Aconcagua (wine region)

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View of Aconcagua Valley, one of the wine districts of Aconcagua wine region

Aconcagua is one of the five principal wine regions of Chile. It encompasses all winegrowing areas in Valparaíso Region. The Aconcagua wine region is composed of four minor wine districts; Casablanca Valley, Aconcagua Costa[1], Aconcagua Valley and Leyda Valley.

A Pinot noir from the Leyda Valley.

"Aconcagua Valley" is a wine-producing region located 65 km (40 mi) north of Santiago in the east of the Valparaíso Region. It is a Denomination of Origin (DO) defined by the Chilean Appellation system, the legally defined and protected geographical indication used to identify where the grapes for a wine were grown.

Aconcagua Valley takes its name both from the province where it is located, San Felipe de Aconcagua, and also from the Aconcagua mountain, the highest peak in the Andes at 6,956 meters (22,828 feet). The snow-capped peak of Aconcagua and the surrounding mountains delivers essential melt water to the valley below.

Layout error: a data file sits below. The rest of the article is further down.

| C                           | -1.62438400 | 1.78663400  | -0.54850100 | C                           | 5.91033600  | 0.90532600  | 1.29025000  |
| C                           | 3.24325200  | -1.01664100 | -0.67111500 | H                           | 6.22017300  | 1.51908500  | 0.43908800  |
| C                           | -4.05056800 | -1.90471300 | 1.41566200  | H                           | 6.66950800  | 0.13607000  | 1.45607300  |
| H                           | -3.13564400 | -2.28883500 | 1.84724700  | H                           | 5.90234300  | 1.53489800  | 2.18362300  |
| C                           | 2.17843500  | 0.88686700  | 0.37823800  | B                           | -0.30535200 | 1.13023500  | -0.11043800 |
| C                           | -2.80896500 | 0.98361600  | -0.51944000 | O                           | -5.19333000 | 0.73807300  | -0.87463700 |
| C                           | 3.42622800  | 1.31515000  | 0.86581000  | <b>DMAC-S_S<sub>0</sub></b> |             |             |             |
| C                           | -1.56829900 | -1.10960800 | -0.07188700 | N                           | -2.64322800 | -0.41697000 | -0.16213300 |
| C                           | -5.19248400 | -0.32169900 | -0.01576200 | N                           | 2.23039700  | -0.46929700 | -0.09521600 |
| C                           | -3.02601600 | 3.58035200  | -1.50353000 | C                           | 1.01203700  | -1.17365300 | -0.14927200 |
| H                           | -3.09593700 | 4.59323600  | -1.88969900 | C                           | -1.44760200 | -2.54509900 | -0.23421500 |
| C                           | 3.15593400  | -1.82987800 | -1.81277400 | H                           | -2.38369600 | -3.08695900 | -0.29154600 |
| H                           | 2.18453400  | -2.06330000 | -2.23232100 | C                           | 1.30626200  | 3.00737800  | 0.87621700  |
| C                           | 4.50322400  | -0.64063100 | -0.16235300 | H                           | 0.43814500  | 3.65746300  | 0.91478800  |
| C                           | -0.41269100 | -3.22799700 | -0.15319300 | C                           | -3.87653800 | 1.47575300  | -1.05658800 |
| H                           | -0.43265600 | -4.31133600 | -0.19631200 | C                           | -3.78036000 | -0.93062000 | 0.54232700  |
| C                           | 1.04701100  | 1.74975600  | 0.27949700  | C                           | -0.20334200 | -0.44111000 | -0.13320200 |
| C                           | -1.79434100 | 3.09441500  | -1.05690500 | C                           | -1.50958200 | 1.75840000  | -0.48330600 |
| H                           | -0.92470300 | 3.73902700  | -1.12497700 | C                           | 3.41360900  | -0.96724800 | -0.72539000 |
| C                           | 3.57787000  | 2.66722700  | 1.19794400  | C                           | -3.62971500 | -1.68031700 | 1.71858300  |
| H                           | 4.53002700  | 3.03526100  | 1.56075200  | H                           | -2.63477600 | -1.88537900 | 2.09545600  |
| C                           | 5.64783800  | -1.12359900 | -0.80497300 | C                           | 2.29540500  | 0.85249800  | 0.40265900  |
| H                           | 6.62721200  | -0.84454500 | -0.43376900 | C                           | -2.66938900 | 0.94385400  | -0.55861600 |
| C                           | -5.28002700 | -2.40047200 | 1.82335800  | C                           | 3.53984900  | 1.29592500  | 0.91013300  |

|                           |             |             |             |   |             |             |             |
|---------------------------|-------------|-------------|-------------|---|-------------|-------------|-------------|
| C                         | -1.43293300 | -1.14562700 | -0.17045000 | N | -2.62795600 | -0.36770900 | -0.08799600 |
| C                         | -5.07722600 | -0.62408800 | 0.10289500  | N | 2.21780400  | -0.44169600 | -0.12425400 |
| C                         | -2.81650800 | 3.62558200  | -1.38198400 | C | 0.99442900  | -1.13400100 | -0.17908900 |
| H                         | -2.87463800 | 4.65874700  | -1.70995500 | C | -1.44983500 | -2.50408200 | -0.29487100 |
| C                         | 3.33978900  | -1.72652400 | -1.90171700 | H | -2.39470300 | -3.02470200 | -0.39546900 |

The small, 1,098-hectare winegrowing area is well known for its red wines, which have earned international acclaim, with Vina Errázuriz's “Seña” placing ahead of both Château Lafite and Château Margaux in blind tasting held in Berlin in 2004,[2] a milestone for the Chilean wine industry.[3] Although the valley is primarily known for the red grapes grown in its interior, white grapes are also now being grown in new coastal plantations.

Grape distribution by varietal[edit]

Cabernet Sauvignon: 303 ha (749 acres) Sauvignon Blanc: 117 ha (289 acres) Carmenere: 63 ha (156 acres)
Syrah: 155 ha (383 acres) Pinot Noir: 99 ha (245 acres) Chardonnay: 64 ha (158 acres)
  • Total hectares planted: 952 ha (2,352 acres)[4]